Ribosome, prokaryotic, l9, der, efp
The process of decoding is the most crucial determinant of the quality of protein synthesis. Ribosomal protein L9 was first implicated in decoding fidelity when a mutant version of L9 was found to increase the translation of a T4 phage gene. Later studies confirmed that the absence of L9 leads to increased translational bypassing, frameshifting, and stop codon readthrough. L9 is part of the large subunit of the prokaryotic ribosome and is located more than 90 Å from the site of decoding, making it difficult to envision how it might affect decoding and reading frame maintenance. Twenty years after the identification of L9's putative function, there is no mechanism for how a remotely located L9 improves translation fidelity. This mystery makes our picture of translation incomplete. Despite the high conservation of L9 in eubacteria, E.coli lacking L9 does not exhibit any obvious growth defects. Thus, the evolutionary advantage conferred by L9 in bacteria is masked under laboratory conditions. In order to uncover unique L9-dependent conditions, a library of E. coli mutants was screened to isolate those that rely on L9 for fitness. Interestingly, factors found to be synergistic with L9 had no known role in fidelity. Six independent mutants were isolated, each exhibiting a severe growth defect that is partially suppressed in the presence of L9. One class of L9-dependent mutations was present in an essential ribosome biogenesis factor, Der. Der's established function is in the maturation of the large ribosomal subunit. The identified mutations severely impaired the GTPase activity of Der. Interestingly, L9 did not directly compensate for the defective GTPase activity of mutant Der. The second class of L9-dependent mutations was present in EpmA and EpmB, factors required to post-translationally modify elongation factor, EF-P. EF-P's established function is in the translation of poly-proline containing proteins. EF-P deficient cells were nearly inviable in the absence of L9; however, L9 did not directly influence poly-proline translation. Therefore, in each case, L9 improved cell health without altering the activity of either Der or EF-P. Remarkably, the der mutants required only the N domain of L9, whereas the absence of active EF-P required full-length, wild-type L9 for growth complementation. Thus, each mutant class needed a different aspect of L9's unique architecture. In cells lacking either active EF-P or Der, there was a severe deficiency of 70S ribosomes and the indication of small subunit maturation defects, both of which worsened upon L9 depletion. These results strongly suggest that L9 plays a role in improving ribosome quality and abundance under certain conditions. Overall, the genetic screen lead to the discovery that bacteria need L9 when either of two important translation factors (Der or EF-P) is inactivated. This work has characterized the physiological requirement for L9 in each case and offers a new insight into L9's assigned role in translation fidelity.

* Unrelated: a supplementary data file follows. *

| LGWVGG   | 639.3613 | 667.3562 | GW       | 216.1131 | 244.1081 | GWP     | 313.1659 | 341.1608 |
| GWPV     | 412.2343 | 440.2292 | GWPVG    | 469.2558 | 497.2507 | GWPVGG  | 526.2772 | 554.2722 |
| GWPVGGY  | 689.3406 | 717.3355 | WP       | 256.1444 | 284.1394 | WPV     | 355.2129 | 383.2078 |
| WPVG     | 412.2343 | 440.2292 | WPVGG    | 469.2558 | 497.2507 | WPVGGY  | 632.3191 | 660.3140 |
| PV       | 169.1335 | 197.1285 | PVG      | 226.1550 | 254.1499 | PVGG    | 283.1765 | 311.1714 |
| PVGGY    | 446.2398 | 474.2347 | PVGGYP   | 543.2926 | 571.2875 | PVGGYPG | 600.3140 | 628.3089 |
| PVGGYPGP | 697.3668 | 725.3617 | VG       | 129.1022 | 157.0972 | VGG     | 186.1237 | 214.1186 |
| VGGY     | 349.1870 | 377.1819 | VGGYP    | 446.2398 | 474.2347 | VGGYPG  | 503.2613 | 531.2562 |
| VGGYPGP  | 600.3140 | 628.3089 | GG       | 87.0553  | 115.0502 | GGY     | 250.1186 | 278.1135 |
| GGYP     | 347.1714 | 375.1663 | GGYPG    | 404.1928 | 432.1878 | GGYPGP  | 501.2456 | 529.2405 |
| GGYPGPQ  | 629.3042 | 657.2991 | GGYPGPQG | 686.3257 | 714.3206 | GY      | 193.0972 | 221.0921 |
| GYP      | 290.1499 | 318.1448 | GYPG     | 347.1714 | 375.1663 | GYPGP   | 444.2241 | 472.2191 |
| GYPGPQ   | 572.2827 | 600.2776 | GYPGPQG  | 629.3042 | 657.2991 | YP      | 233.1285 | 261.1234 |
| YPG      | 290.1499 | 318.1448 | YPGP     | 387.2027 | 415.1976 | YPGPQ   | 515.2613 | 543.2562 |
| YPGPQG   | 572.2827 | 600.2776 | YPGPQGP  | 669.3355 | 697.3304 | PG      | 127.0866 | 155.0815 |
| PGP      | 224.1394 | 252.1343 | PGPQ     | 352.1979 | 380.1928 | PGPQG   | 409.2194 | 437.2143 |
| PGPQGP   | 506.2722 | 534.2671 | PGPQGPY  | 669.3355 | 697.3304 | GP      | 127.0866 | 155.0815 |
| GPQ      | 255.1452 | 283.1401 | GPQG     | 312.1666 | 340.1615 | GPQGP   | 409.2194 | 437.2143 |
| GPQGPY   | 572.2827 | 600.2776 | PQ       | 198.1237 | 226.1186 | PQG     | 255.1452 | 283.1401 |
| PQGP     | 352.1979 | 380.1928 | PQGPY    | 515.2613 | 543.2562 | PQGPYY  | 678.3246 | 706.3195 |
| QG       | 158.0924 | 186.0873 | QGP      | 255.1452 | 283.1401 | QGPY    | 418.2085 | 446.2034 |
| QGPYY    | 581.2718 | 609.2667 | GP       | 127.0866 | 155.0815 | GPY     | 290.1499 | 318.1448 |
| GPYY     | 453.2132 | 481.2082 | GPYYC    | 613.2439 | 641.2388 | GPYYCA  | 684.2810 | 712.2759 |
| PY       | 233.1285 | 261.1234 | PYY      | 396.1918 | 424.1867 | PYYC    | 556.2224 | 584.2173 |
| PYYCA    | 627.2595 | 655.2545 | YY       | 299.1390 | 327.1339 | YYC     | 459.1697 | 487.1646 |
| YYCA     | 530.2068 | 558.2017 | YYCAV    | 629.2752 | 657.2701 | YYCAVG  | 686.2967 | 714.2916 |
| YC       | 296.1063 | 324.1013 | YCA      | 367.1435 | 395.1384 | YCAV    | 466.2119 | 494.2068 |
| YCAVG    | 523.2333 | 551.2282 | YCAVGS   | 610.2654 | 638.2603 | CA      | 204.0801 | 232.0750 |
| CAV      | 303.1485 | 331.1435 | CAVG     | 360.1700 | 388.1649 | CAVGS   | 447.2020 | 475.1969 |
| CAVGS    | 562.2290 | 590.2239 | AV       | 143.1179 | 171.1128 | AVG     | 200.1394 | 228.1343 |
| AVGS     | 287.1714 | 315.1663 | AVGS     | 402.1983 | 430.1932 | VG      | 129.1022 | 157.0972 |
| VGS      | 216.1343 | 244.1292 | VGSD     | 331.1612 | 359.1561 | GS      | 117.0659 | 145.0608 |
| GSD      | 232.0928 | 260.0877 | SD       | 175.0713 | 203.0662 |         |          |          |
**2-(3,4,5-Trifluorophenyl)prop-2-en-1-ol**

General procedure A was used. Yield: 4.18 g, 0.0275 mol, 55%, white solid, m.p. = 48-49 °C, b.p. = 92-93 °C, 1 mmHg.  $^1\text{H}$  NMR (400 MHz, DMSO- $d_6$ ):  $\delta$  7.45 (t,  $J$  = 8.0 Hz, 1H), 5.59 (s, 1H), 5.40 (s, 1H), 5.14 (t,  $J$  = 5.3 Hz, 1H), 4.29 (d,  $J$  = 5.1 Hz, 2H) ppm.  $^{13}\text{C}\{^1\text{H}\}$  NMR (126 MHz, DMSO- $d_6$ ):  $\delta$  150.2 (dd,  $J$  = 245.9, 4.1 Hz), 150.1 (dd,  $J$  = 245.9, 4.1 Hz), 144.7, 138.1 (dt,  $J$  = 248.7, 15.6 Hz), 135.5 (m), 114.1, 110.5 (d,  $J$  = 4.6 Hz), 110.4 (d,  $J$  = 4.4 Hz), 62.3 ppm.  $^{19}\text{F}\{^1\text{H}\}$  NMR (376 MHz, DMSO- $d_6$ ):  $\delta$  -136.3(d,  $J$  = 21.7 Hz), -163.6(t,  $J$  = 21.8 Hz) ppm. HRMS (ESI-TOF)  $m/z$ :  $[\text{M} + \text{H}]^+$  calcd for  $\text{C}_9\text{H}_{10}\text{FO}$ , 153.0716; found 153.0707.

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Doctor of Philosophy (Ph.D.)
College of Medicine
Burnett School of Biomedical Sciences
Length of Campus-only Access
Doctoral Dissertation (Open Access)
Naganathan, Anusha, "The role of a highly conserved eubacterial ribosomal protein in translation quality control" (2015). Electronic Theses and Dissertations. 1158.
Restricted to the UCF community until May 2015; it will then be open access.